Built Blog: Have you witnessed, overheard, or talked to visitors as they experience the grand staircase? If so, what are some of the most memorable things you’ve heard people say about/how they reacted to it/etc.?
Howard: Many of us have experienced great delight in watching children bound up and down the staircase. The stair is an easy way to facilitate the movement of busloads of students to the lower level. The students are often very excited by circulating vertically in a spiral pattern.
Built Blog: Finally, can you tell me how technology allowed you to create the staircase? What types of technologies were used to design it? To build it? What were some of the challenges of building a structure as complicated architecturally as this?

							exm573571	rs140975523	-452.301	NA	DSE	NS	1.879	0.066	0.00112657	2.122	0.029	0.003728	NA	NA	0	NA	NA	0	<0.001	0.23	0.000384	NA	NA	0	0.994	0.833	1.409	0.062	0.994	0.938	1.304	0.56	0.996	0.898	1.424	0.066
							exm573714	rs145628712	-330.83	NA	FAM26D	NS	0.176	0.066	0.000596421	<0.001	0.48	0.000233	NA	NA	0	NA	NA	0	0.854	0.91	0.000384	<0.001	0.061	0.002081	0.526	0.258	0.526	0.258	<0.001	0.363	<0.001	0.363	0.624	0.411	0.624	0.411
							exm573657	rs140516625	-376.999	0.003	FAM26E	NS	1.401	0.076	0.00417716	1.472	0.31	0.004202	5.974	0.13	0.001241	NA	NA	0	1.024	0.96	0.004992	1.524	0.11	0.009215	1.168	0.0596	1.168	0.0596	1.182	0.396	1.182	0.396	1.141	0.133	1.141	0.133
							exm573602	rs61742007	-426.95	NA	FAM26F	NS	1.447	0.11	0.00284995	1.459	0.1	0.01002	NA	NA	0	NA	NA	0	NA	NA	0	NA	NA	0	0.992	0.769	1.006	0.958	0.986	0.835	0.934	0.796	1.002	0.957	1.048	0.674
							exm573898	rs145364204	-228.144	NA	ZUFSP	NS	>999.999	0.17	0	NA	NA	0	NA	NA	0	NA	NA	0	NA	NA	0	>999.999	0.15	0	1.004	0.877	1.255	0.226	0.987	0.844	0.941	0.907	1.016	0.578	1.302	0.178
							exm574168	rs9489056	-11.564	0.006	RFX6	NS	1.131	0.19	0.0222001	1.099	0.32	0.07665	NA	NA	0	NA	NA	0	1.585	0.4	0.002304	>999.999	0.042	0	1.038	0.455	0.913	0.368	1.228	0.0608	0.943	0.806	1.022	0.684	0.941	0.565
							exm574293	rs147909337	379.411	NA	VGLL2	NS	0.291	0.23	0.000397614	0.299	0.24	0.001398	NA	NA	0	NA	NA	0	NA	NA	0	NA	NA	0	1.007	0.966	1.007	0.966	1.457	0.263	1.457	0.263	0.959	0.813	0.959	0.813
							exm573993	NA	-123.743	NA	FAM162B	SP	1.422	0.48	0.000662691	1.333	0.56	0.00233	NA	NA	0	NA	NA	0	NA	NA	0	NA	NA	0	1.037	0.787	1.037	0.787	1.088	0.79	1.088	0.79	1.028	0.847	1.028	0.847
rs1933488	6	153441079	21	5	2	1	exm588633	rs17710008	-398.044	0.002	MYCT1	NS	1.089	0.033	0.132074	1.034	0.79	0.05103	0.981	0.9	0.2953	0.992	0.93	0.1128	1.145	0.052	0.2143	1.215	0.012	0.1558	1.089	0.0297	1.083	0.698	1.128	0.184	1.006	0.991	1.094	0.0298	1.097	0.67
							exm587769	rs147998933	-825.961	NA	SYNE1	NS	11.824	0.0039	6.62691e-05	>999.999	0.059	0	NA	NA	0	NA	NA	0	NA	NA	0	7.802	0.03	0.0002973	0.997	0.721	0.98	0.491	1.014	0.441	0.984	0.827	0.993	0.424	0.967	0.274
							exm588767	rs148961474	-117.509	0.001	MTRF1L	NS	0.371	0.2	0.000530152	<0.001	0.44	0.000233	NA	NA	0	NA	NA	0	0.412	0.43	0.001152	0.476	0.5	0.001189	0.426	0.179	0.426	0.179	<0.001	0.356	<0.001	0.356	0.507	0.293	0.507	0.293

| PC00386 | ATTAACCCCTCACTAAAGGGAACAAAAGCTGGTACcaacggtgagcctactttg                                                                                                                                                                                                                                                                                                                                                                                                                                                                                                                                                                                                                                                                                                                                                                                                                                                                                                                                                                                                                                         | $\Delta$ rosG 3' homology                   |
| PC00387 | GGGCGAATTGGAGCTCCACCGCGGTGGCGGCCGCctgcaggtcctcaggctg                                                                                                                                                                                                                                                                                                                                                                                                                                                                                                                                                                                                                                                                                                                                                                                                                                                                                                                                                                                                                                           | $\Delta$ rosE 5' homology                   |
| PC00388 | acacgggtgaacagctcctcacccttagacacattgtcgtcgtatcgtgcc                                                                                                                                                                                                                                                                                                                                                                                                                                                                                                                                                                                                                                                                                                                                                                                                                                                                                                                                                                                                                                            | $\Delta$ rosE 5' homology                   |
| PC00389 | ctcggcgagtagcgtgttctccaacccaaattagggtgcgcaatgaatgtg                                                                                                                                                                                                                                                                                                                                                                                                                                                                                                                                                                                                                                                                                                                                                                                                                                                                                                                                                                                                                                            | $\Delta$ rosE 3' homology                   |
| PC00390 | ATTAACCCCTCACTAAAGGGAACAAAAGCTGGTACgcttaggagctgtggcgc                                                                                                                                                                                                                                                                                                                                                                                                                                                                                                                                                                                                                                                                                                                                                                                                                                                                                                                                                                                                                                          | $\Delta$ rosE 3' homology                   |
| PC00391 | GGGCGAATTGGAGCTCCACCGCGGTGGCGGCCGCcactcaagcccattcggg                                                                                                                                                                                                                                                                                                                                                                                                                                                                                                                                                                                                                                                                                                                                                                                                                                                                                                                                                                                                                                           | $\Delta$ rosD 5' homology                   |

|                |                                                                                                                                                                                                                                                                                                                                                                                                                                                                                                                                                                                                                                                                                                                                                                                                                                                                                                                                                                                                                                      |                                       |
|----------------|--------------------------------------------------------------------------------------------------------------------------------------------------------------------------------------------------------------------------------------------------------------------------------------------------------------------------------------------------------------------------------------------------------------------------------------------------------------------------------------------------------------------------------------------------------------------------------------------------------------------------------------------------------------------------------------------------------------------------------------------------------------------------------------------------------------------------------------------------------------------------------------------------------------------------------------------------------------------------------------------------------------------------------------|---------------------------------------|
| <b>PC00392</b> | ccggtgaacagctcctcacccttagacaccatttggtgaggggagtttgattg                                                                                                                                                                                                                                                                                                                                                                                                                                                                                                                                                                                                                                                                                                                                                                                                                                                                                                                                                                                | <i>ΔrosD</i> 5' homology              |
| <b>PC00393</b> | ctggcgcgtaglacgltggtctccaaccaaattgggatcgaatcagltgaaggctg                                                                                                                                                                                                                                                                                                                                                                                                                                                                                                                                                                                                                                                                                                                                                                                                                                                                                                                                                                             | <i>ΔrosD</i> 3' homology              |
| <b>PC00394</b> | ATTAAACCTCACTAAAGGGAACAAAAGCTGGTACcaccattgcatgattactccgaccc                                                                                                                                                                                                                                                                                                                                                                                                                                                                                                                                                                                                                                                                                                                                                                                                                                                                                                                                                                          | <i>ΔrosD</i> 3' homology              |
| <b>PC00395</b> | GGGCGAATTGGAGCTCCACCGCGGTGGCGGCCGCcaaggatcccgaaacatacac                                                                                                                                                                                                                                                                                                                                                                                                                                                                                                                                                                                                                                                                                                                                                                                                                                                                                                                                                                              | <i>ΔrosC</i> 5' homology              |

Howard: Given the prominence and complexity of the stair, accurate 3D modeling was essential for communication among the design team, with the owner and with the contractor. A number of different programs were used throughout the design process to render realistic views that helped all parties appreciate the form and massing of the stair within the space. Revit was used to fully model and document the stair and three-dimensional views were included in our construction documents to help the contractors better understand the design intent. The contractors used our models to start their documentation and facilitate their detailing and fabrication efforts.